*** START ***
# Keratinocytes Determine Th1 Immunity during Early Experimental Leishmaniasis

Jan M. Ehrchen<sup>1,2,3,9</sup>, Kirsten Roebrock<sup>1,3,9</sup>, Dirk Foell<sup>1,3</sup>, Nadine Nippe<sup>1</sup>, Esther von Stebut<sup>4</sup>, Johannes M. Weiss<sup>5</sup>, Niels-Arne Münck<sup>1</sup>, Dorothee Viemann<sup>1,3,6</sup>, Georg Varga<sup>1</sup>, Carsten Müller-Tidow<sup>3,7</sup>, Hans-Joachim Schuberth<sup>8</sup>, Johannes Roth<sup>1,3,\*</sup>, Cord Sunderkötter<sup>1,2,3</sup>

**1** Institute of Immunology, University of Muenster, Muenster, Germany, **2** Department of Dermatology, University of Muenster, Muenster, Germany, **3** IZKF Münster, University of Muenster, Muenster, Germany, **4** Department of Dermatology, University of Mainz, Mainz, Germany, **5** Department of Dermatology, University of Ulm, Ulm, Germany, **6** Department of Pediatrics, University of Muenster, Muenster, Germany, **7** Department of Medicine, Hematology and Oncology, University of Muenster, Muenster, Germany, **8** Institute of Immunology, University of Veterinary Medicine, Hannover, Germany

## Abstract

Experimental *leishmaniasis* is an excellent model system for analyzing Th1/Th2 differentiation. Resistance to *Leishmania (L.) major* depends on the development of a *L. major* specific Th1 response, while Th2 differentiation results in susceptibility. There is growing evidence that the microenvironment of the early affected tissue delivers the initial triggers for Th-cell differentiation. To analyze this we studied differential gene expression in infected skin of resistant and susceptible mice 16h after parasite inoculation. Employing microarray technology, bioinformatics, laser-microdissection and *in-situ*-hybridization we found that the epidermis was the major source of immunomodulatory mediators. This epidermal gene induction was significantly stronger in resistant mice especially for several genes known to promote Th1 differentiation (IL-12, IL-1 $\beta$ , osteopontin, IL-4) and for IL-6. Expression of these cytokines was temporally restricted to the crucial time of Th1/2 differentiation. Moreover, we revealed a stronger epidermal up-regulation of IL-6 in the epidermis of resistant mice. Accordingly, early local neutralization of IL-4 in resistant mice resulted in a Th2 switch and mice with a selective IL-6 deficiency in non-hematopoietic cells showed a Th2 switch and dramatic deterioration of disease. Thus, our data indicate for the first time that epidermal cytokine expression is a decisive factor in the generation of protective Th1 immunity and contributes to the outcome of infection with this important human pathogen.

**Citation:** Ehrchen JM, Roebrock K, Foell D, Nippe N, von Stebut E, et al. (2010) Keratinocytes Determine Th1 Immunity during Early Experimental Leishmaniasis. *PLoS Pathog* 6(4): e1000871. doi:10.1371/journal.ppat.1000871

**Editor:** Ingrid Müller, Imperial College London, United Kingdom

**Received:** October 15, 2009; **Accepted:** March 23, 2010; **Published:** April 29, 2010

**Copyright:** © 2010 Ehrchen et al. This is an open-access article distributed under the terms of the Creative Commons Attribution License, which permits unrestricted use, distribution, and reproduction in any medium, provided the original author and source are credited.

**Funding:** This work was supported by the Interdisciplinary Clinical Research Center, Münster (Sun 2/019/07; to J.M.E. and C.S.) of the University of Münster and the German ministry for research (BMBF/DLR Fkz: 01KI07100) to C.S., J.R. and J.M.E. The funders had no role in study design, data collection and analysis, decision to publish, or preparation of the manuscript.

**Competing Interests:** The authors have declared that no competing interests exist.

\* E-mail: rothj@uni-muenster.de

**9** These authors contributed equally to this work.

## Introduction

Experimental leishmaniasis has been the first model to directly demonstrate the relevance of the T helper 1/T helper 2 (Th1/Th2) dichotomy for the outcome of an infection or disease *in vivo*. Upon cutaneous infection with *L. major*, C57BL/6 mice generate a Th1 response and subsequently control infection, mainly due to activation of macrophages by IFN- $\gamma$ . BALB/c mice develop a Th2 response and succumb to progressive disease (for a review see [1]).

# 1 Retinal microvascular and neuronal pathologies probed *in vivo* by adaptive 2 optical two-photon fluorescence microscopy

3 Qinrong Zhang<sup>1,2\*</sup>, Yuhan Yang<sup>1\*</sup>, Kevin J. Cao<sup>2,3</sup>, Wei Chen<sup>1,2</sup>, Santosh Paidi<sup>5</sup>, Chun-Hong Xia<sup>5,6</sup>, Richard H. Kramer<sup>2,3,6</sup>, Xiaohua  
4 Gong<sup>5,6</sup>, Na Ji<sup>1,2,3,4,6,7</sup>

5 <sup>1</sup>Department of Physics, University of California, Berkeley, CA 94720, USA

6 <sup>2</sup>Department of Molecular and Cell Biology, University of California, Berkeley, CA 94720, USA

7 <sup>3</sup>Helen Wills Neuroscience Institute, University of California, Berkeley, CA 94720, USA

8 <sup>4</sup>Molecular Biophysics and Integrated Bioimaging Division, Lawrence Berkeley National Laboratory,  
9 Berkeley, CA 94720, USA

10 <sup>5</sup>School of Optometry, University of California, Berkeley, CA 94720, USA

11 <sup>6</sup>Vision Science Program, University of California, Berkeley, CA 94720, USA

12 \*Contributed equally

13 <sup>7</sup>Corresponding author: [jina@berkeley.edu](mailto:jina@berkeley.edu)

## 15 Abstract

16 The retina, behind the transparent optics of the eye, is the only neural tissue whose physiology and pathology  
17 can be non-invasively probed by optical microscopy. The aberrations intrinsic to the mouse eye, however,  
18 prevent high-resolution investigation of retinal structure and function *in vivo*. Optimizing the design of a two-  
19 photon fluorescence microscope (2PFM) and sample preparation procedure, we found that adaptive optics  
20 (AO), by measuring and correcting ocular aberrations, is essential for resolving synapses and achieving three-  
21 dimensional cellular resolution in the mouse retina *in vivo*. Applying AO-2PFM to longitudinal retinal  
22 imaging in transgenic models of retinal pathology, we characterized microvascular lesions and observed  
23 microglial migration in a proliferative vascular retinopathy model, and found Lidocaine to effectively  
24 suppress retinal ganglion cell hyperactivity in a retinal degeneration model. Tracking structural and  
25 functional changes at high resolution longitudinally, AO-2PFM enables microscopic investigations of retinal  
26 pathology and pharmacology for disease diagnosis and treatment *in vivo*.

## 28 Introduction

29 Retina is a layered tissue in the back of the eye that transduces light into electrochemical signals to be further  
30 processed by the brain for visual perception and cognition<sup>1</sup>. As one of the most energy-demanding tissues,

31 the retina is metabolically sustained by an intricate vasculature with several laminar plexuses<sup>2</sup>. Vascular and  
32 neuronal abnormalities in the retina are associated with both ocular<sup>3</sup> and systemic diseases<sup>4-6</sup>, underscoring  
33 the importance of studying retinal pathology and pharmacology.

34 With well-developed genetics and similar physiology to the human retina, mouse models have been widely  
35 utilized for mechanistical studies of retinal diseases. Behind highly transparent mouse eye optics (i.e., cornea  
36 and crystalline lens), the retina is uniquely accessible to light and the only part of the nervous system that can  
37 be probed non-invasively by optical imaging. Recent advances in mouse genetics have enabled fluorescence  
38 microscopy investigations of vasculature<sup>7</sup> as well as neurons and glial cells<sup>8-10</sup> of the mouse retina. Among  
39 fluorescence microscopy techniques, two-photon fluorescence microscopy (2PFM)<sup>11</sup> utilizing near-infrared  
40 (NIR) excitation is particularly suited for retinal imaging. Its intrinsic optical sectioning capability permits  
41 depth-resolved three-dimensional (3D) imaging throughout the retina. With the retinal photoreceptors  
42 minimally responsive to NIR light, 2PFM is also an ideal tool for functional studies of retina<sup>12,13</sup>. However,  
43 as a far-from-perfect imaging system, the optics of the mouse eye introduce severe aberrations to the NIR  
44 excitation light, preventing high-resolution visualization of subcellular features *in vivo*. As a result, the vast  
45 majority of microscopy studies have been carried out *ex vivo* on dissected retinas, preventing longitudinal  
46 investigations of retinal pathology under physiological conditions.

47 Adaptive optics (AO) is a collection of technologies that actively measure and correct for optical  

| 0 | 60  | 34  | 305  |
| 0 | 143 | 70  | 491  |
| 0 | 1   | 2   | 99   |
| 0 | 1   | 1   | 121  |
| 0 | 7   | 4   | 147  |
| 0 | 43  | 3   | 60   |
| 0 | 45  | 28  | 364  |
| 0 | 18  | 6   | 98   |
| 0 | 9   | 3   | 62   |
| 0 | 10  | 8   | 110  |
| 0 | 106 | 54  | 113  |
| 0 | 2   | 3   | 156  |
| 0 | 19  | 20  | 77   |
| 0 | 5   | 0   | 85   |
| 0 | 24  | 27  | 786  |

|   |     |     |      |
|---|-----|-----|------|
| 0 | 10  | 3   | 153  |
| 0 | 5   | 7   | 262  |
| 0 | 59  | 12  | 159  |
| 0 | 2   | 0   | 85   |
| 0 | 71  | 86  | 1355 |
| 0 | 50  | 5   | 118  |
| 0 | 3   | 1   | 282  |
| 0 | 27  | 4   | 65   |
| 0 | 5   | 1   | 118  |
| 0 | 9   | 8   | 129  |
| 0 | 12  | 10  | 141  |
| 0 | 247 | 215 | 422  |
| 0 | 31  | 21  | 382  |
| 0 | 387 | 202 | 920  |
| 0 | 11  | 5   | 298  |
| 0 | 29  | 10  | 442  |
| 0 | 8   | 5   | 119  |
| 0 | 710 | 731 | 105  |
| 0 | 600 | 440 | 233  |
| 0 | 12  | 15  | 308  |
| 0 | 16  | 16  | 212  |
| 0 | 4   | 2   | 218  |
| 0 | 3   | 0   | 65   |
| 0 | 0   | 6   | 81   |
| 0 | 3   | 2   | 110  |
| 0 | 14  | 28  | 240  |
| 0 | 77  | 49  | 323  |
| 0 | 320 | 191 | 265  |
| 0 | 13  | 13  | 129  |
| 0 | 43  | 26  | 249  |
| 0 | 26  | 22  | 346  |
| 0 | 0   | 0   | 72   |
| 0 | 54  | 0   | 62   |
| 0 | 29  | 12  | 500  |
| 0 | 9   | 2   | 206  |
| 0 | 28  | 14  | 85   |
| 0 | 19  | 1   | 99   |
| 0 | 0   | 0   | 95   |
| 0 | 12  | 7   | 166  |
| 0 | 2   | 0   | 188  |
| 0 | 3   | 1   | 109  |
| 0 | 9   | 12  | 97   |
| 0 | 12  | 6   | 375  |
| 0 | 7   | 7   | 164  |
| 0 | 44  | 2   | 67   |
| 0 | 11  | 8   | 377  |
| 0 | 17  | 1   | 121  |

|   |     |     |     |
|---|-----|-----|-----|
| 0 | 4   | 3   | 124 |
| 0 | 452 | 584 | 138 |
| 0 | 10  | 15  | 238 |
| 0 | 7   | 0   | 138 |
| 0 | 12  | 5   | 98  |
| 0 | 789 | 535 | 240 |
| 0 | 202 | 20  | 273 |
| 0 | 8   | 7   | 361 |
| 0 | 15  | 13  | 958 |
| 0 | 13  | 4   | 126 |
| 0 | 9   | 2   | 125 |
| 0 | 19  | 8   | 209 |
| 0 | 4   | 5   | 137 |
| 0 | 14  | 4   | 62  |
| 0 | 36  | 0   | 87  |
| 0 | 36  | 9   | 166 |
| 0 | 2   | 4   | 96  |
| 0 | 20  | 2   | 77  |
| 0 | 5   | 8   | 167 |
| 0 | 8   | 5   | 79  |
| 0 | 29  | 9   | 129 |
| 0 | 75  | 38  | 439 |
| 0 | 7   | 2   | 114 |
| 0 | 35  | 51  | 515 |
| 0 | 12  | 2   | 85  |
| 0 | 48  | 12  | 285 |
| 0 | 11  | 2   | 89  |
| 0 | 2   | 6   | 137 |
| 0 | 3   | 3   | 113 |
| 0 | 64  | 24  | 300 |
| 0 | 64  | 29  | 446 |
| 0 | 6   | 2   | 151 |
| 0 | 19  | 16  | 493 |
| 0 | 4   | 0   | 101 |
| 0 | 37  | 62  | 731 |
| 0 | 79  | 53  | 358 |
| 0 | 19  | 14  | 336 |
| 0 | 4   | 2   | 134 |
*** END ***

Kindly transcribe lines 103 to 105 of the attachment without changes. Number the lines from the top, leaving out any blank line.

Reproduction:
| 0 | 77  | 49  | 323  |
| 0 | 320 | 191 | 265  |
| 0 | 13  | 13  | 129  |